Deuteronomy 12:3
And you shall overthrow their altars, and break their pillars, and burn their groves with fire; and you shall hew down the graven images of their gods, and destroy the names of them out of that place.
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EXPOSITORY (ENGLISH BIBLE)
(3) Destroy the names.—The substitution in later times of bosheth for baal in the names Jerubbaal (Jerubbesheth), Eshbaal (Ishbosheth), Meribbaal (Mephibosheth), is a curious example of the literal fulfilment of this command, or, perhaps, rather of the command in Exodus 23:13, of which the spirit and purport agree with this.

12:1-4 Moses comes to the statutes he had to give in charge to Israel; and begins with such as relate to the worship of God. The Israelites are charged not to bring the rites and usages of idolaters into the worship of God; not under colour of making it better. We cannot serve God and mammon; nor worship the true God and idols; nor depend upon Christ Jesus and upon superstitious or self-righteous confidences.Their groves - Render their idols of wood: and see the Deuteronomy 7:5 note. 3. And ye shall overthrow their altars—piles of turf or small stones.

and break their pillars—Before the art of sculpture was known, the statues of idols were only rude blocks of colored stones.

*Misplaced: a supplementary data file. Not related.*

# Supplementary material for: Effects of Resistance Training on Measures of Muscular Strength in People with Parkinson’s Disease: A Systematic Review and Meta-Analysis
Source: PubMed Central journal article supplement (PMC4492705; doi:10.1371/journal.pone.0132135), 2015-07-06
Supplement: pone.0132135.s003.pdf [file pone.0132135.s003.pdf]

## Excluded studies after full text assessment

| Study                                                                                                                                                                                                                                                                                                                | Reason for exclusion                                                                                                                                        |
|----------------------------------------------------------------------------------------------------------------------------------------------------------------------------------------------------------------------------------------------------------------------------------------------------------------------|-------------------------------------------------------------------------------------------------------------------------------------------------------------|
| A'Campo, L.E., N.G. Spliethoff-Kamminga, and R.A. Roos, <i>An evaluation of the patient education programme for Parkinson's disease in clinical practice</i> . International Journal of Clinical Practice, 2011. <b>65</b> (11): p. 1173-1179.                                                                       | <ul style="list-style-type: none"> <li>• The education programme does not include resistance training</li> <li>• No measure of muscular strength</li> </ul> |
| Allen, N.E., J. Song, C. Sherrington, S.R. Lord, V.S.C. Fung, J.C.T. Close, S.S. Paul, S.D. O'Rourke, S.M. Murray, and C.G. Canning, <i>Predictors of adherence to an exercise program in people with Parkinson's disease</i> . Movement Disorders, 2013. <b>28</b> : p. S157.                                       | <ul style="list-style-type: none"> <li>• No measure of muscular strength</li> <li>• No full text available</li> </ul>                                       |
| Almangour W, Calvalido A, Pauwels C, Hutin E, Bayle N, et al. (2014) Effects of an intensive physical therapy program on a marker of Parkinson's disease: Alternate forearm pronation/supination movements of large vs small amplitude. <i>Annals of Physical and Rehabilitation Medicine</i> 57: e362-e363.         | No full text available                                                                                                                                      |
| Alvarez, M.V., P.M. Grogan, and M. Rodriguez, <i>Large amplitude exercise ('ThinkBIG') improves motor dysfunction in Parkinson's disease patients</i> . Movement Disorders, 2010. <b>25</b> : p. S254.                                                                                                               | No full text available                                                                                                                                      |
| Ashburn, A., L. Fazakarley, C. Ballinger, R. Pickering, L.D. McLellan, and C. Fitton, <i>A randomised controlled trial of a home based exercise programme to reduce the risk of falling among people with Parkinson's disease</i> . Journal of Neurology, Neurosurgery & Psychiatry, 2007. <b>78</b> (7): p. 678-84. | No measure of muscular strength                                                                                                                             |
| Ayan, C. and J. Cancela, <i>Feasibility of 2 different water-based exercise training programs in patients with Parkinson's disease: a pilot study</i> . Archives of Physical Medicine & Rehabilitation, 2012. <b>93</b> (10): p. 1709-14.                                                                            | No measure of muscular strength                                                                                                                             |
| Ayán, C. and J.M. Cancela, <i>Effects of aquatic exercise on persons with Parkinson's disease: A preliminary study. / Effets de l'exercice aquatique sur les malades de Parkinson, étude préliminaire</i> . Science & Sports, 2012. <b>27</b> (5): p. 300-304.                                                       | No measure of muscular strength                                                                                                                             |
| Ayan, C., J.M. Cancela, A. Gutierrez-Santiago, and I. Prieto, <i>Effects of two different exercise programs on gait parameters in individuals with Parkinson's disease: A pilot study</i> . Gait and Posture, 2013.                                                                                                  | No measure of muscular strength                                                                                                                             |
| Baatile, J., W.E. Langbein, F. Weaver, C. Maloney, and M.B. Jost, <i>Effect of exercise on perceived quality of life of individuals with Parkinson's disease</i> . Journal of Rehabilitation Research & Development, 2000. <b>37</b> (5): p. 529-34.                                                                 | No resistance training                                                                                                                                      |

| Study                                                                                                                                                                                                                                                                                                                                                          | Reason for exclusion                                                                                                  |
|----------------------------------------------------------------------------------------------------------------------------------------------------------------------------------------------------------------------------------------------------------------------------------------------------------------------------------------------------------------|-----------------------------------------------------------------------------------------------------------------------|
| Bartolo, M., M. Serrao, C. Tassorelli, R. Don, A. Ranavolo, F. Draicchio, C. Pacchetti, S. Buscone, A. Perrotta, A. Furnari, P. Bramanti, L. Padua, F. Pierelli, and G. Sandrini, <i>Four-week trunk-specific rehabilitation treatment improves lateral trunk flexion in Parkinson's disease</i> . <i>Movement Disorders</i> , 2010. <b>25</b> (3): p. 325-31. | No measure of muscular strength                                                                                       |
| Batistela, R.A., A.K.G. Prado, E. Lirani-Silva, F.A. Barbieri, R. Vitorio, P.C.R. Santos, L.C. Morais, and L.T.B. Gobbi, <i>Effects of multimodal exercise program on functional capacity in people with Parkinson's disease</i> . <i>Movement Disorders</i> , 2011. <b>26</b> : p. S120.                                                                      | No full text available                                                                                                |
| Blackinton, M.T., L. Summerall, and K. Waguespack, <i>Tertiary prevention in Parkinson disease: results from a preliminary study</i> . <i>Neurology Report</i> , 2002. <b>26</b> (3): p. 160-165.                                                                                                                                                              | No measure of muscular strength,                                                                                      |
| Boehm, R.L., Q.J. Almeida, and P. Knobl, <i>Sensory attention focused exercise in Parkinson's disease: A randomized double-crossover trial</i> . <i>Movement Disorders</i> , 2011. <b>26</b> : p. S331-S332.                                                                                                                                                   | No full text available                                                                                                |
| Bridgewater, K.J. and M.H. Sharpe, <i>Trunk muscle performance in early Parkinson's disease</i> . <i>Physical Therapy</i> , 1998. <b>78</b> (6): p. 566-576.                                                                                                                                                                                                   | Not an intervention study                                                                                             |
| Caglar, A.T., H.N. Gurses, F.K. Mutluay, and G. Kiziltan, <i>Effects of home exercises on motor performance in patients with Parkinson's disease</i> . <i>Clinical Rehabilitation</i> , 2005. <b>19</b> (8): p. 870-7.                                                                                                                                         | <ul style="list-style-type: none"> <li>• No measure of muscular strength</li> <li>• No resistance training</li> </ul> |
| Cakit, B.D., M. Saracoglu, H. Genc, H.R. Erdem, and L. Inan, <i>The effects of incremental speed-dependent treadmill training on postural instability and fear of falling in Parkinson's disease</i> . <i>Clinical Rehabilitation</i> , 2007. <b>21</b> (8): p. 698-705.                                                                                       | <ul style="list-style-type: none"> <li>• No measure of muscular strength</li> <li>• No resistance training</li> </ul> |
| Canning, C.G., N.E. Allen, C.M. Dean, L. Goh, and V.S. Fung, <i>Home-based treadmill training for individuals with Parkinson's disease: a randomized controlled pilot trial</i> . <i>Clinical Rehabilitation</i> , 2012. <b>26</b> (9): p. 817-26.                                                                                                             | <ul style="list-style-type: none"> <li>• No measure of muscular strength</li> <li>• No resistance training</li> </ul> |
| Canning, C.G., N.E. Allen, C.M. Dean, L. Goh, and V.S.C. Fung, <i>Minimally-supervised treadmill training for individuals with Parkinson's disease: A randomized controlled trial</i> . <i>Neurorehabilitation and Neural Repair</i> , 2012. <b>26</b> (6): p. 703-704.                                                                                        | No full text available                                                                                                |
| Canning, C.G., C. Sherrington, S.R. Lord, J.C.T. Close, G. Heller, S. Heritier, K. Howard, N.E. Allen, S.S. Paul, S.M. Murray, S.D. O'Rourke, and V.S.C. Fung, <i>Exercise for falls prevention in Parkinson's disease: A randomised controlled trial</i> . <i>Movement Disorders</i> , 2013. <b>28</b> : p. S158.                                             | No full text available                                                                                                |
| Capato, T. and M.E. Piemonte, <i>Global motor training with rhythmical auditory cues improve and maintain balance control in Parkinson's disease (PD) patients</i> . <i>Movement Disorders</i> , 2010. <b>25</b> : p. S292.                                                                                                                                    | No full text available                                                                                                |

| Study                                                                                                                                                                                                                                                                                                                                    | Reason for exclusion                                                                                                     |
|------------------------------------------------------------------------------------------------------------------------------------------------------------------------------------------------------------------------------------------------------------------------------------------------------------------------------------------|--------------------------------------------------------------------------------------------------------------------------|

Their pillars, upon which their images were set. The names of them, i.e. all the memorials of them, and the very names given to the places from the idols. And you shall overthrow their altars,.... Which were of stone, as Jarchi observes; whereas the altar ordered to be made by the Lord, before the altar of burnt offering in the tabernacle was made, was of earth, Exodus 20:24 these were to be demolished, lest the Israelites should be tempted to make use of them; and besides, the Lord would not have any remains of idolatry in the land where his tabernacle and worship were, as being abominable to him:

and break down their pillars; or statues erected to the honour of their idols; according to Jarchi it was a single stone hewed out at first for the basis of a statue (y); perhaps such as were called Baetulia, in imitation of the stone Jacob set up for a pillar at Bethel, Genesis 28:18.

and burn their groves with fire; which were planted about their temples, and under which also their idols were placed, and where they privately committed the most abominable lewdness under the notion of religion. The Targum of Jonathan renders the word "abominations", meaning idols; and so Jarchi interprets it by a tree that is worshipped; See Gill on Deuteronomy 7:5.

and you shall hew down the graven images of their gods; which were made of wood:

and destroy the names of them out of the place; by never making any mention of them in common discourse, and by changing the names of places called from them; and especially by destroying all the relics of them, and whatever appertained to them, which might lead to the mention of them; see Hosea 2:17.

(y) Misn. Avodah Zarah, c. 3. sect. 7.

And ye shall overthrow their altars, and break their pillars, and burn their {b} groves with fire; and ye shall hew down the graven images of their gods, and destroy the names of them out of that place.

(b) In which they sacrificed to their idols.

EXEGETICAL (ORIGINAL LANGUAGES)